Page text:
Stan Voit: These days words, not actions can do you more harm

Jul. 06, 2013 @ 11:49 PM

The things we were taught as kids were meant to help us through tough times. These days, so many of those axioms have been abandoned. We choose to care about things we were once told not to care so much about.

I am reminded of this as I follow the Paula Deen saga. It’s hard not to follow it. For days it was the lead on every TV news program. She should thank George Zimmerman and the chaos in Egypt for moving her to Page 5. She, like the three Pigeon Forge officers, has learned that in these times words, not actions, can be just as troublesome — even more so.

I grew up in Alabama and have lived my entire life in three southern states. Though the N-word was never said on my house or condoned by those who lived there, I heard it on the playground, at school, at the little league park, around town and among the customers in my father’s store. I like to think I had the sensibility to know it was wrong to call people names, even though I often joined other kids my age in picking on classmates who maybe didn’t play sports as well or were different in some way.

Could I testify under oath that I never, ever, used the N-word? No, I cannot. I can say I never used it pejoratively. I used it when quoting somebody or in the context of a story or even when reading aloud a Mark Twain novel. I never in my life called or referred to a black person by that name.

Still, how I treated others is best left for those people to decide, not me.

Preachers who railed from the southern pulpits about how the Bible justifies segregation of the races and stood silent as black people were mistreated around them are hard to find these days. When I moved to Tuskegee in 1975 the all-white First Baptist Church blocked black Tuskegee University students from entering to worship. Where in the Bible did it say that was God’s commandment?

Paula Deen’s troubles, of course, go beyond merely admitting she said that word. Her racially charged actions are an issue in the lawsuit against her and her business. A business these days is sensitive to bias claims, and the fact they have dropped their association with her is more a reaction to fears of fallout than a condemnation of what she said. Still, some of what drives the relentless assault on her operations is that she speaks with a southern accent.

It’s as much about who you are as what you say.

How else to explain why actor Alex Baldwin gets a pass after an anti-gay Twitter rant followed by an apology that mentioned his support of the gay movement? Or rappers can say some of the most vile, hateful things in the lyrics of their songs, but continue to sell records and sign contracts? Pro athletes can commit repeated felonies yet remain employed and celebrated. Mike Tyson raped a woman, served time in prison and now is sought after for movies and TV.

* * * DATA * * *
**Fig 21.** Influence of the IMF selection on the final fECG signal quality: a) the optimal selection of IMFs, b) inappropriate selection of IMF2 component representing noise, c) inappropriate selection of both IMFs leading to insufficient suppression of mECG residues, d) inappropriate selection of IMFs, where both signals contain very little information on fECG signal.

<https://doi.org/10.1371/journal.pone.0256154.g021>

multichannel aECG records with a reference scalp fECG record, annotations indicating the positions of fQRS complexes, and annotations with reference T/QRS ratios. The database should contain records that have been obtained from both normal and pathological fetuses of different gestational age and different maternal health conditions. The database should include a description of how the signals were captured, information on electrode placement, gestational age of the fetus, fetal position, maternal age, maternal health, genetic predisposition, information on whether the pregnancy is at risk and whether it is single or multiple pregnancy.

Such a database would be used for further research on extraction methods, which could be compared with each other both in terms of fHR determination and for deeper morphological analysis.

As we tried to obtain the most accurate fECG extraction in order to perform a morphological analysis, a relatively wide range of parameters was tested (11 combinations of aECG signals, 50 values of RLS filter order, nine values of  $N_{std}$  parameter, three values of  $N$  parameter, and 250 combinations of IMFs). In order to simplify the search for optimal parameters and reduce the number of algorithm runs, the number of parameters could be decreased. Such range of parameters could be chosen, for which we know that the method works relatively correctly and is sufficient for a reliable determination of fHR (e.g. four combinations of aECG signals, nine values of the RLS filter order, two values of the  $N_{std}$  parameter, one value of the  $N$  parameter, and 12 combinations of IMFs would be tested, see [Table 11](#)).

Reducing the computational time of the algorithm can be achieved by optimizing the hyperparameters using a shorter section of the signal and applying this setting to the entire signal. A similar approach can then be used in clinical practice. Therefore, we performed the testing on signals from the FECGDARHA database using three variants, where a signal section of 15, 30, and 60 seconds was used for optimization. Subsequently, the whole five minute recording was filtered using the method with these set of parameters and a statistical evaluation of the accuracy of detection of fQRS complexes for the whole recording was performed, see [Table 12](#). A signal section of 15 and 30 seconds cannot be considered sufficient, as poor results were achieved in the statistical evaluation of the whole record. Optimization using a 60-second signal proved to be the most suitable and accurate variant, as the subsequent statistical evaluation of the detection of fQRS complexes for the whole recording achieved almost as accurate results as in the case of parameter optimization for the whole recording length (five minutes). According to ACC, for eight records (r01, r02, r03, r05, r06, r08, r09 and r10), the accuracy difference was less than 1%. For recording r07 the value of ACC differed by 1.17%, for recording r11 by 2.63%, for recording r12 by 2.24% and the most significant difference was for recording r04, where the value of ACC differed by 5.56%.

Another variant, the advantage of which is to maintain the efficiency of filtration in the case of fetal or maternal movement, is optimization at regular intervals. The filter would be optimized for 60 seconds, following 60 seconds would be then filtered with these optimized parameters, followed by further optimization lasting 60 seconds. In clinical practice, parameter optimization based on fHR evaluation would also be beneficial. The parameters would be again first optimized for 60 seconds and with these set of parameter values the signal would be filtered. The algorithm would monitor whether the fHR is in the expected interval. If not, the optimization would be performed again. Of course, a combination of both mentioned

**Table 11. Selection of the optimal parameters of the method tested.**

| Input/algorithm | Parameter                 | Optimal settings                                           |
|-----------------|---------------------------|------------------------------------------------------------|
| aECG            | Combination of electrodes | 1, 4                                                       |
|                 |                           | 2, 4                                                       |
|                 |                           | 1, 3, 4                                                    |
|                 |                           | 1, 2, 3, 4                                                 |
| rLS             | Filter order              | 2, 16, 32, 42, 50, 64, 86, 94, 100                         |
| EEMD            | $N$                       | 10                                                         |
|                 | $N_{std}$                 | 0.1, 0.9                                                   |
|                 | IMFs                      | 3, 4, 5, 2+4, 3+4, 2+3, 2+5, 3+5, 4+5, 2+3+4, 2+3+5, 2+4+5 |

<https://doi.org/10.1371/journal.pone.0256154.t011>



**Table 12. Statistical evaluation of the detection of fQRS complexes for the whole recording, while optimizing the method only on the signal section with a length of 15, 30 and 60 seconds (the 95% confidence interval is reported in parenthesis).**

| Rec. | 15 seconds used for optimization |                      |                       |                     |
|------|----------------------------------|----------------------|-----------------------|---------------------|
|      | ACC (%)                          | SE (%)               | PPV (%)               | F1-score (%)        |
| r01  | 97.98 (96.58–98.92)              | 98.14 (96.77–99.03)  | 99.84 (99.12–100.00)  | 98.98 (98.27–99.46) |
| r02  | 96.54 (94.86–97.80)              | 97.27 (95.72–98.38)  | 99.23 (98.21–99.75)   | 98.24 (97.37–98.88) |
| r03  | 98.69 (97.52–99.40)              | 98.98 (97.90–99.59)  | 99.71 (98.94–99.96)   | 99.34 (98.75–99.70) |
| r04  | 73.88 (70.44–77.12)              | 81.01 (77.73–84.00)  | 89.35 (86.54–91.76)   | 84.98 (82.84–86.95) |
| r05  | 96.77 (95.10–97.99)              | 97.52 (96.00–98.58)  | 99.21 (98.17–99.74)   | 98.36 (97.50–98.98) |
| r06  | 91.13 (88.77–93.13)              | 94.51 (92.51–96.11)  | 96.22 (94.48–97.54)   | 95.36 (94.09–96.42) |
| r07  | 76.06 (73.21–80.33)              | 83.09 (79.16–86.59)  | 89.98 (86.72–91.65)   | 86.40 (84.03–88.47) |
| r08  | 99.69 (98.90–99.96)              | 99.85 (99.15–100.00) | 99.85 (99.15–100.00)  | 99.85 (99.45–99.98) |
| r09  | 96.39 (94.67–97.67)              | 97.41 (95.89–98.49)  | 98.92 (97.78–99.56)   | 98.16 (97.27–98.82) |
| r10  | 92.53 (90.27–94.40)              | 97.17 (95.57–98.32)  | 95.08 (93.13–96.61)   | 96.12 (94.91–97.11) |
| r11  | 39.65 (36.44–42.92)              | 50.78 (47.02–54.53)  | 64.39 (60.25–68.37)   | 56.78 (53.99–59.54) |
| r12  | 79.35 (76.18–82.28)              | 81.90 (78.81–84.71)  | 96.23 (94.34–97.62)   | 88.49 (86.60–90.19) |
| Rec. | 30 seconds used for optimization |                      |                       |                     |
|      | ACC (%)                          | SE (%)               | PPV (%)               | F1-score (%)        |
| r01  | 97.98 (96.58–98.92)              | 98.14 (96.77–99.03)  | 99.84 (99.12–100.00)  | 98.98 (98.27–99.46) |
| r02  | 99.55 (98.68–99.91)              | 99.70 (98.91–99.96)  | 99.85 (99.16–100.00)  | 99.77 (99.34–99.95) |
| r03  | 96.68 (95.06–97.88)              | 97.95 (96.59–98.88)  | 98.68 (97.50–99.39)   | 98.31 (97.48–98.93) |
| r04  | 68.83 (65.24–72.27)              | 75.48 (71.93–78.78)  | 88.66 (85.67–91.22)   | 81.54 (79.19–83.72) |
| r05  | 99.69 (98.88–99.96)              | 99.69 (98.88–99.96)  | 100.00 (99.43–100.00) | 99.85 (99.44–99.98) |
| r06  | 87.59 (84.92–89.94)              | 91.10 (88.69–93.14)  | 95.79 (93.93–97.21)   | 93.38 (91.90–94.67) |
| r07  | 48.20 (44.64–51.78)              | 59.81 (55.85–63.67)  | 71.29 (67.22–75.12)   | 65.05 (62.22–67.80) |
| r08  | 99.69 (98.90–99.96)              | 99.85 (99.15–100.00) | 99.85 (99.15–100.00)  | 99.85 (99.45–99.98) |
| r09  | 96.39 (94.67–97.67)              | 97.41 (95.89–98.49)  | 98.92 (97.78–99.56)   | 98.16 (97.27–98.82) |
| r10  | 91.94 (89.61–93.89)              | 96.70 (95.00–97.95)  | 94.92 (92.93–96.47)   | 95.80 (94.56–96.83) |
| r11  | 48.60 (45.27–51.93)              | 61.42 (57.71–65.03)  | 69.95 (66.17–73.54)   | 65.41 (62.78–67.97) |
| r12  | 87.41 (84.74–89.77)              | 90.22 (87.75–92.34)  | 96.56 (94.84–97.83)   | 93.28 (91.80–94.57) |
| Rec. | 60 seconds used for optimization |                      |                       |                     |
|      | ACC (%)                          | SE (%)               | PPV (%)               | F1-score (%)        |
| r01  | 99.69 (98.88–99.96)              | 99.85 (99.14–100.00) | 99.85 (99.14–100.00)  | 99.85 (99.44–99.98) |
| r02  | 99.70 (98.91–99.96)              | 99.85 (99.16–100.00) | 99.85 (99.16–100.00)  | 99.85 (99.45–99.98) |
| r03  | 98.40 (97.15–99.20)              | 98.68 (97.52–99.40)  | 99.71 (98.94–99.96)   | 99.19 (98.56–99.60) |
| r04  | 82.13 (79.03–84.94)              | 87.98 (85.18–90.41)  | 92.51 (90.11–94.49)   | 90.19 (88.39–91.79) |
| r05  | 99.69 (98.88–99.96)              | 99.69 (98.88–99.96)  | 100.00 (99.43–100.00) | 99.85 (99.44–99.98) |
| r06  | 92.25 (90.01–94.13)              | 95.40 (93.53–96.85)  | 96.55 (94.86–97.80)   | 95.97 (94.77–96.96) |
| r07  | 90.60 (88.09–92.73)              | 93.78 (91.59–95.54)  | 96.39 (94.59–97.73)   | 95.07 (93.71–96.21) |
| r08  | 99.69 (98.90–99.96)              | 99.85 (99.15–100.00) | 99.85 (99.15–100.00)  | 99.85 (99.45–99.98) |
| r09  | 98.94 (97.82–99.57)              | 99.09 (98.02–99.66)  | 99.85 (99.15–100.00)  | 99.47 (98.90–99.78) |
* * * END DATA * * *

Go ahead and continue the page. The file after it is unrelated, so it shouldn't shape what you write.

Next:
It’s hard to figure who gets forgiven and who doesn’t. But this much seems clear: These days actions do not speak louder than words, as we were told as kids. Sticks and stones may break our bones, but in the 21st Century words might do much more harm.

Businesses are free to buy from whom they want to buy from, and consumers are free to do the same. As unfair as it may seem that Deen is seeing her empire crumble day by day, that’s the marketplace for you.

People have shown a willingness to forgive, or at least give a second chance to, somebody who breaks the law. But certain words are toxic. So toxic that I dare not even to mention them here, in case they come back to haunt me.

The way I have lived my life over these six decades should determine how I am regarded by those with whom I came in contact. I have gotten mad at people, hung up on people, written bad stories about people (who deserved it, by the way), been rude to people. I once spanked my 7-year-old son for not eating his school lunch yet again, only to find out later he had gotten out of school that day before lunch (he forgave me, but I never spanked him again).

Actions, not words, should be the stronger definition of our lives and interfaction with others. Unfortunately, certain words seem to have more influence on one’s perception of others than how we treat people. That is an unfortunate trend in our civilization.

— Stan Voit is editor of The Mountain Press. His column appears each Sunday. He can be reached at 428-0748, ext. 217, or e-mail to Twitter: @stanvoit.